The Food and Drug Administration authorized COVID-19 vaccines for children as young as 6 months old on Friday, clearing a key hurdle in expanding eligibility for the shots to 20 million babies, toddlers, and preschoolers. The Centers for Disease Control and Prevention must still sign off before kids under age 5 can start getting vaccinated, which could happen within days.
“Those trusted with the care of children can have confidence in the safety and effectiveness of these COVID-19 vaccines and can be assured that the agency was thorough in its evaluation of the data,” FDA Commissioner Dr. Robert Califf said in a statement announcing the move.
The FDA’s decision comes afterout of a daylong meeting Wednesday of the regulator’s outside advisers, the Vaccines and Related Biological Products Advisory Committee, which weighed submissions from Moderna as well as Pfizer and its partner BioNTech.
The FDA’s emergency use authorization is enough for shipments to begin around the country to facilities and health care providers who pre-ordered doses for the initial wave of shots. Those are expected to be delivered through the Juneteenth holiday weekend.
However, as with older age groups, federal supply agreements require vaccinators to wait for the CDC’s sign-off before administering shots formulated for younger children.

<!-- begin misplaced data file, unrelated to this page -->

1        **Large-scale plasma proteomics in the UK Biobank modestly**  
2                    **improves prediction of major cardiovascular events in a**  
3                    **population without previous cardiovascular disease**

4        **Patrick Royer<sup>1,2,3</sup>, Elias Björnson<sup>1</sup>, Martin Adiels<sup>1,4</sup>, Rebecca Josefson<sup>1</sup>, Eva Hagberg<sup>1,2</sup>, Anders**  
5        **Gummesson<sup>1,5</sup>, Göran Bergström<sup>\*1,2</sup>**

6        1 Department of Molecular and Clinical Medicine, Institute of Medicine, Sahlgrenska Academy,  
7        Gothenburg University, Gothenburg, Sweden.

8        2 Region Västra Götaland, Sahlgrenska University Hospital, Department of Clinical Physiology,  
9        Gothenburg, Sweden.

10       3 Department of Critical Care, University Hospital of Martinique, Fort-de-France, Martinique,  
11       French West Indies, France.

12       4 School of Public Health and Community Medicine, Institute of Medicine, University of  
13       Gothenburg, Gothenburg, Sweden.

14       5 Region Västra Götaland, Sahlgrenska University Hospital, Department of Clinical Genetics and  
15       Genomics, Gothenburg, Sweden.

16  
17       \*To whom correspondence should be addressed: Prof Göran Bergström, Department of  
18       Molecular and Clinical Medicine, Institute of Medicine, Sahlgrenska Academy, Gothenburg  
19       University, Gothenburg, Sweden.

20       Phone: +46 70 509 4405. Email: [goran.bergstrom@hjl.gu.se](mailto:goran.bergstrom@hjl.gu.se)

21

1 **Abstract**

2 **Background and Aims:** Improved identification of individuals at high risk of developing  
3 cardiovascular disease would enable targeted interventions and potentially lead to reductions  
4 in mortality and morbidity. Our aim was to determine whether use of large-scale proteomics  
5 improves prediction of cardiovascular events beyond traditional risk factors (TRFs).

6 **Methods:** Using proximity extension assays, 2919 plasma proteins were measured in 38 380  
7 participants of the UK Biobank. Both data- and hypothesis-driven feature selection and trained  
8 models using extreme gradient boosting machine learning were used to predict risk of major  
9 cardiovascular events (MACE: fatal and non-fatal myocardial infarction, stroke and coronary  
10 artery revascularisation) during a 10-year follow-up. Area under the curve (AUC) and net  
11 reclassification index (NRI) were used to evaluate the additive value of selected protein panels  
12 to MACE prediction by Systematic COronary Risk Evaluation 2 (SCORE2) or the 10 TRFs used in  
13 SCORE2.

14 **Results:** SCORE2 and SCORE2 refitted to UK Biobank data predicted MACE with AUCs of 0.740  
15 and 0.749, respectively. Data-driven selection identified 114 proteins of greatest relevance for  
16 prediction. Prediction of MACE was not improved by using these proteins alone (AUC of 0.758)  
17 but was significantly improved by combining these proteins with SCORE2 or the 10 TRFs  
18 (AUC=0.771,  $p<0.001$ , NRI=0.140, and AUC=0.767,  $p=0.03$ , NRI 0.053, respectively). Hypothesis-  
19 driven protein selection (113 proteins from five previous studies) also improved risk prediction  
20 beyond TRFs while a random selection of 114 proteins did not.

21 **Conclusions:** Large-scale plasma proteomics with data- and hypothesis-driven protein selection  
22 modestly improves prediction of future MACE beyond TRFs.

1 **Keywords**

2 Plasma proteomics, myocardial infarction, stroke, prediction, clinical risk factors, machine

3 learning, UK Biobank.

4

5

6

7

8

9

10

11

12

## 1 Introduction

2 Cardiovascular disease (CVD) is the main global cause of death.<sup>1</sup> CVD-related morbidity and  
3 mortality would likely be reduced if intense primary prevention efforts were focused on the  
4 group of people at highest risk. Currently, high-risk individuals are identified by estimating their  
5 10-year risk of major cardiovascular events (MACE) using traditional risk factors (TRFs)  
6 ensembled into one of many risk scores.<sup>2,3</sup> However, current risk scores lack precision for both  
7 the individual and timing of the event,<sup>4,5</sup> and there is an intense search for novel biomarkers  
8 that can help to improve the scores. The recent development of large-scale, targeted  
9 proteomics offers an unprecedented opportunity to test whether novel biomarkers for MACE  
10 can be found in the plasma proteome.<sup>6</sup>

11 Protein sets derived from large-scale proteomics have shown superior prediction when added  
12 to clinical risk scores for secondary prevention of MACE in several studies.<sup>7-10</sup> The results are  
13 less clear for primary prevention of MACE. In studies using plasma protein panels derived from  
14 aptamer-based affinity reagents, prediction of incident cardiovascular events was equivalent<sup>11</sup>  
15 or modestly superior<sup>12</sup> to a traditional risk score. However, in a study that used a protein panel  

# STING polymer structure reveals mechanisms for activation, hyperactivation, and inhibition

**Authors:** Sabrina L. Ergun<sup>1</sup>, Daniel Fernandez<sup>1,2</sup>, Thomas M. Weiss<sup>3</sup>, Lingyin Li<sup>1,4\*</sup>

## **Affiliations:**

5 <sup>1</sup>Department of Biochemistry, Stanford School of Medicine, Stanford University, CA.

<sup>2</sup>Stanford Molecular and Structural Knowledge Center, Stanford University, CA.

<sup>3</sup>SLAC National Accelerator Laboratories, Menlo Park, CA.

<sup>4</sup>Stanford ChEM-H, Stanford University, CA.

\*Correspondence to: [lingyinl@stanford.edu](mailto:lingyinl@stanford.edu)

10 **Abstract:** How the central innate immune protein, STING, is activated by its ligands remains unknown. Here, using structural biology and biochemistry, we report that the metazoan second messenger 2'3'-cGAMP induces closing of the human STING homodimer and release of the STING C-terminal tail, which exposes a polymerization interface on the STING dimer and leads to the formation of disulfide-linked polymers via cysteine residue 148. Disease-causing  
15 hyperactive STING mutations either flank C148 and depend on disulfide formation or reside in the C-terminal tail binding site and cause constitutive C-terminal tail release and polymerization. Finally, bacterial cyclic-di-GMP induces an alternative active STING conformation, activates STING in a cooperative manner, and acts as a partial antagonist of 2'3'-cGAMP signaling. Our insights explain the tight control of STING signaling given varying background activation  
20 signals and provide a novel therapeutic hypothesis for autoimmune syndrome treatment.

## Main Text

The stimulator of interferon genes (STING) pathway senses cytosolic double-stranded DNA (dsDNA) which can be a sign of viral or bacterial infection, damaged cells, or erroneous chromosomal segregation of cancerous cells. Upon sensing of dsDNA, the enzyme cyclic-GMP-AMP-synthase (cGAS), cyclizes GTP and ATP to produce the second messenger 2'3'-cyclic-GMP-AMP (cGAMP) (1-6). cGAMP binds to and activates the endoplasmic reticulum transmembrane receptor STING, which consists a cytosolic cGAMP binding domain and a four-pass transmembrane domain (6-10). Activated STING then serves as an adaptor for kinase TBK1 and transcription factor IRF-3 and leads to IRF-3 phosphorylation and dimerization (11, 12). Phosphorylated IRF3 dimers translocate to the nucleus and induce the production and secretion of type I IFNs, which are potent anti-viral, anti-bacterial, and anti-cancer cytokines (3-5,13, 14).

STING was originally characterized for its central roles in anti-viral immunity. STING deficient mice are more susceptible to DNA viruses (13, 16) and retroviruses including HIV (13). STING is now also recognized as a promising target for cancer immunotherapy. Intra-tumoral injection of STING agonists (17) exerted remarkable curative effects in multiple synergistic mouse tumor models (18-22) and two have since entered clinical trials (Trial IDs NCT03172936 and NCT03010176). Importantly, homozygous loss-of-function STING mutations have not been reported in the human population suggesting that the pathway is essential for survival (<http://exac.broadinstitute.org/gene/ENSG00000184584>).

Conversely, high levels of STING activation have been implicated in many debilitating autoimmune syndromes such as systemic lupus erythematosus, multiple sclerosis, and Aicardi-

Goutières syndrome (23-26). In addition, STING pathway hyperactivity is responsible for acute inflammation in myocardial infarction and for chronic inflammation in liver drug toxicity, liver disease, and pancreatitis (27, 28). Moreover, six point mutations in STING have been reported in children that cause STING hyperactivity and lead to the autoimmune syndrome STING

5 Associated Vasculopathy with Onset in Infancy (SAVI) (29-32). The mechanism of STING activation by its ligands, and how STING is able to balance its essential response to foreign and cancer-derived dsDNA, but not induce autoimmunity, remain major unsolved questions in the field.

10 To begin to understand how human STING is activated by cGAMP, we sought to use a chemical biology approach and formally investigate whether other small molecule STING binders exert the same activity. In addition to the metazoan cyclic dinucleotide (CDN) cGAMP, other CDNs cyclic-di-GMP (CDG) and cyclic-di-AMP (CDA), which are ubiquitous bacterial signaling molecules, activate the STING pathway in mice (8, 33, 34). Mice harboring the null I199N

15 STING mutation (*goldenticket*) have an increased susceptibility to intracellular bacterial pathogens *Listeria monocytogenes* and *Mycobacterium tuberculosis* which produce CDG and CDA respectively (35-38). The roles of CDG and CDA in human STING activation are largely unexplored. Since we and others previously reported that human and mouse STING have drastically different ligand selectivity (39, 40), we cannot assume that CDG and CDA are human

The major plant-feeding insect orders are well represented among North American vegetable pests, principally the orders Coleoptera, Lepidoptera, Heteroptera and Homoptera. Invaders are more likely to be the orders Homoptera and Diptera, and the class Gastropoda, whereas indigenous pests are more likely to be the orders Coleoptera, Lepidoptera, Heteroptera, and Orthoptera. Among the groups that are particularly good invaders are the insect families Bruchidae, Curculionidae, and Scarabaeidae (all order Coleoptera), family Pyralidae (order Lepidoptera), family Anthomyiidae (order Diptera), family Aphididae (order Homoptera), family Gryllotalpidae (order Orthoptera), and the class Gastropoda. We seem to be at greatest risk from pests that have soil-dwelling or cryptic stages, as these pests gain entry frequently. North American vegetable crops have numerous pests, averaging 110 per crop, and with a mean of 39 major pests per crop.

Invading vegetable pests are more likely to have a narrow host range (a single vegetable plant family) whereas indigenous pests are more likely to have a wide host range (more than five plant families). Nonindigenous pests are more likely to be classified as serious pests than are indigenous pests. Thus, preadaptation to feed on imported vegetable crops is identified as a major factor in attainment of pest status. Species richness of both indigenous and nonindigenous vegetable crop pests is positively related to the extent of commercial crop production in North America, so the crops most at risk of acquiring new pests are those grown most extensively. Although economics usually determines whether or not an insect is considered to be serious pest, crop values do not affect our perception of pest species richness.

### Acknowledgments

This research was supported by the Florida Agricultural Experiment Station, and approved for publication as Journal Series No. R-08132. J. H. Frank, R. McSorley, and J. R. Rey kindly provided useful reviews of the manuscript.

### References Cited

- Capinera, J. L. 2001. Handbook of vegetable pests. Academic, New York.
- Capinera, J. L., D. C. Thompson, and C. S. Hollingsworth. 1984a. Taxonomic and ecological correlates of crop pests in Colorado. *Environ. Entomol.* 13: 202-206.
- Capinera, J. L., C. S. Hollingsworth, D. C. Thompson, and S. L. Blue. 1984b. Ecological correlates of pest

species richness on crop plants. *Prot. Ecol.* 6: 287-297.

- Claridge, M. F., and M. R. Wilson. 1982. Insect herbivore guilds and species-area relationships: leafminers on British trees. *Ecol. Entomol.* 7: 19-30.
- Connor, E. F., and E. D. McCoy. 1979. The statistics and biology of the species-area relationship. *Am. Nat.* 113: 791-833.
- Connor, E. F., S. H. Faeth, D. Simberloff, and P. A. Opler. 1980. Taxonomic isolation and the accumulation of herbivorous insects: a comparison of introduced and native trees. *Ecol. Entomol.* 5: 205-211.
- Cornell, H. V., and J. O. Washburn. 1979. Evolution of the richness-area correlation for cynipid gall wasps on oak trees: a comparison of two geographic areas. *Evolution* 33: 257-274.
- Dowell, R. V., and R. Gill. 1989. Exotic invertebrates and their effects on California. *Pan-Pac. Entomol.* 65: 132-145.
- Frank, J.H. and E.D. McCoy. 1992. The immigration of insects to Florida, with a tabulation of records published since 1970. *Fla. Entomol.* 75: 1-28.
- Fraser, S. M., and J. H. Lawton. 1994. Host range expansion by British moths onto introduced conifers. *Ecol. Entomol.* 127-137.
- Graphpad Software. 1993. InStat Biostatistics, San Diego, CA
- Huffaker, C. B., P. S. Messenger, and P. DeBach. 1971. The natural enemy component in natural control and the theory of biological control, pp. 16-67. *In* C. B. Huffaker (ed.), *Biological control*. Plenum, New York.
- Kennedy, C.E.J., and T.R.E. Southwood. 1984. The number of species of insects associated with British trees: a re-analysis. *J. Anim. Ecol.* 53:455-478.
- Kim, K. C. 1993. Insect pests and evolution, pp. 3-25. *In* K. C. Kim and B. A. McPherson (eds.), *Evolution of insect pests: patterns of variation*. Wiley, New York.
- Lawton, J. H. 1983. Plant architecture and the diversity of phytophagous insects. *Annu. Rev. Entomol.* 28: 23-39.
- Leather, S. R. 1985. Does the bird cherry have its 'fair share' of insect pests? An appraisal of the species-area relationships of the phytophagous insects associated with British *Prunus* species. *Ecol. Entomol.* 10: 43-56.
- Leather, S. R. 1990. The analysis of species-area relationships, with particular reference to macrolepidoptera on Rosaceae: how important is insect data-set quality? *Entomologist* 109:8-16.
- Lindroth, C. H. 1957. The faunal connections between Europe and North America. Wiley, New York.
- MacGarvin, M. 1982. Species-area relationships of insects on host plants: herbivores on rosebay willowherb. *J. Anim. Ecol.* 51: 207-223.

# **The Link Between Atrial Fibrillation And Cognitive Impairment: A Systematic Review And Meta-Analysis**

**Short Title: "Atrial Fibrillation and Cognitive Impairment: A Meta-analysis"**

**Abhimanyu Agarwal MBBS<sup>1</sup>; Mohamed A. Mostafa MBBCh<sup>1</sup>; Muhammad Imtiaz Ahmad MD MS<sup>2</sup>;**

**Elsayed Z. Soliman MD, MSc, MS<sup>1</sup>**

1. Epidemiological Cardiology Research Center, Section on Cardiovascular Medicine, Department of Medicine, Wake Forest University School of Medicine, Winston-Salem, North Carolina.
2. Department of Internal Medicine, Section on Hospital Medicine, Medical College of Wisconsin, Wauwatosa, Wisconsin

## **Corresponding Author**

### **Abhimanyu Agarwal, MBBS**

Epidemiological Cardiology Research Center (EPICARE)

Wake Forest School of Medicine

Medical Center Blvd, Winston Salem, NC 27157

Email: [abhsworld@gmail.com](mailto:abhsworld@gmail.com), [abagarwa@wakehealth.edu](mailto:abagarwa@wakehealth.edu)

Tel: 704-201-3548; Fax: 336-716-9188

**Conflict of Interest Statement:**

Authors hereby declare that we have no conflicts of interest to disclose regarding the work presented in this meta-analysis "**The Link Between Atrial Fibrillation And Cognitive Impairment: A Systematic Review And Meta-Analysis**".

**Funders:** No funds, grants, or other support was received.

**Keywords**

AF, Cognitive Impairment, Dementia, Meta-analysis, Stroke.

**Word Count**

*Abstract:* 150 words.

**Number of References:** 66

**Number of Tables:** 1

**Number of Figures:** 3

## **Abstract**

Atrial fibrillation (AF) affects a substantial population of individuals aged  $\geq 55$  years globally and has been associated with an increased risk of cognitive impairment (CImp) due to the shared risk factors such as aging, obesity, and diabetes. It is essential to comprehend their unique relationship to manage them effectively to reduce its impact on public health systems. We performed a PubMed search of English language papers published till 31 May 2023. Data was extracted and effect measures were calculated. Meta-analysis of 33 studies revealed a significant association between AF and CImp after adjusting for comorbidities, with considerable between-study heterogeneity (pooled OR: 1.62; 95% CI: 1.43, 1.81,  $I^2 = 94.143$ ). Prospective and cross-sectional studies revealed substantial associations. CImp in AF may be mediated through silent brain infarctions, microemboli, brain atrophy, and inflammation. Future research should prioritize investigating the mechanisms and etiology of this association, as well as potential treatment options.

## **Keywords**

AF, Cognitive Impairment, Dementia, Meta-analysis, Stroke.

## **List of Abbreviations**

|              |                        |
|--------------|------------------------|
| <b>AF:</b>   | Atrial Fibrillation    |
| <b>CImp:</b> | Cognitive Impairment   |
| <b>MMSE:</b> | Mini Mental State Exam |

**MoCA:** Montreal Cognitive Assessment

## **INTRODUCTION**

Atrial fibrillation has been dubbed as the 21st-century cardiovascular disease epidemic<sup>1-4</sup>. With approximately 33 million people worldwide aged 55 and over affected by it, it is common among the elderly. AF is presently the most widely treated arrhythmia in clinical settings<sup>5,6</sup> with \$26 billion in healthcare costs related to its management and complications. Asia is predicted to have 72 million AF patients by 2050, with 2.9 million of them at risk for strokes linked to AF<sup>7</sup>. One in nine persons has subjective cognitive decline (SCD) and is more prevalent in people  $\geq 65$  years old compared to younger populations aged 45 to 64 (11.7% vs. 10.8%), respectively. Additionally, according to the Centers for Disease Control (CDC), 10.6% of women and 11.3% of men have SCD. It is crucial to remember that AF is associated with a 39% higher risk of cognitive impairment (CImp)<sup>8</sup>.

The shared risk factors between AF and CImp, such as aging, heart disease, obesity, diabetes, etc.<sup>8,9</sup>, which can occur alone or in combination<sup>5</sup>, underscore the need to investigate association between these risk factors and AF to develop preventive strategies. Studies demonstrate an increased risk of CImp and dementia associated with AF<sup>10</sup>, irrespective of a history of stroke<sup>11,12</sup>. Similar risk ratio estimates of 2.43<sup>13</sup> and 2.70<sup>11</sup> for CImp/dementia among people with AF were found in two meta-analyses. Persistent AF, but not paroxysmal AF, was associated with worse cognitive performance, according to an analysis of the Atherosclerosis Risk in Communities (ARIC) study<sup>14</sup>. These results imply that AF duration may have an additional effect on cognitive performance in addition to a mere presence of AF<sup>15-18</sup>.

A panel of the CDC’s own advisers, the Advisory Committee on Immunization Practices, is scheduled to vote on Saturday. Once the CDC director formally greenlights vaccinations following the meeting, federal officials have said they expect many kids can start getting shots as soon as Tuesday, June 21.
Federal officials say most jurisdictions —— have pre-ordered doses out of the 10 million total shots that ; 2.5 million orders were received for Pfizer’s shots and 1.3 million for Moderna’s.
Providers in the initial wave have ordered only one of the brands in some jurisdictions, though the Biden administration hopes that will even out as supply climbs around the country over future rounds of shipments.
Smaller doses for kids — and the differences between Moderna and Pfizer
Unlike the largely similar regimens of the first round of COVID-19 shots that were available in adults, the makers of the two mRNA vaccines have taken different approaches to immunizing young kids.
In children ages 6 months to 5 years old,to offer two shots spaced one month apart. Their doses will be 25 micrograms, a fraction of the 100-microgram primary series rolled out last year for adults.
vaccine will come in a total of three shots administered over the course of 11 weeks, for children ages 6 months through 4 years old. Those doses are sized at 3 micrograms, just one-tenth of the 30-microgram shots for those 12 and older.
Based on studying antibodies against the virus in blood drawn from children during the clinical trials, both combos were strong enough to clear the FDA’s benchmarks for authorization.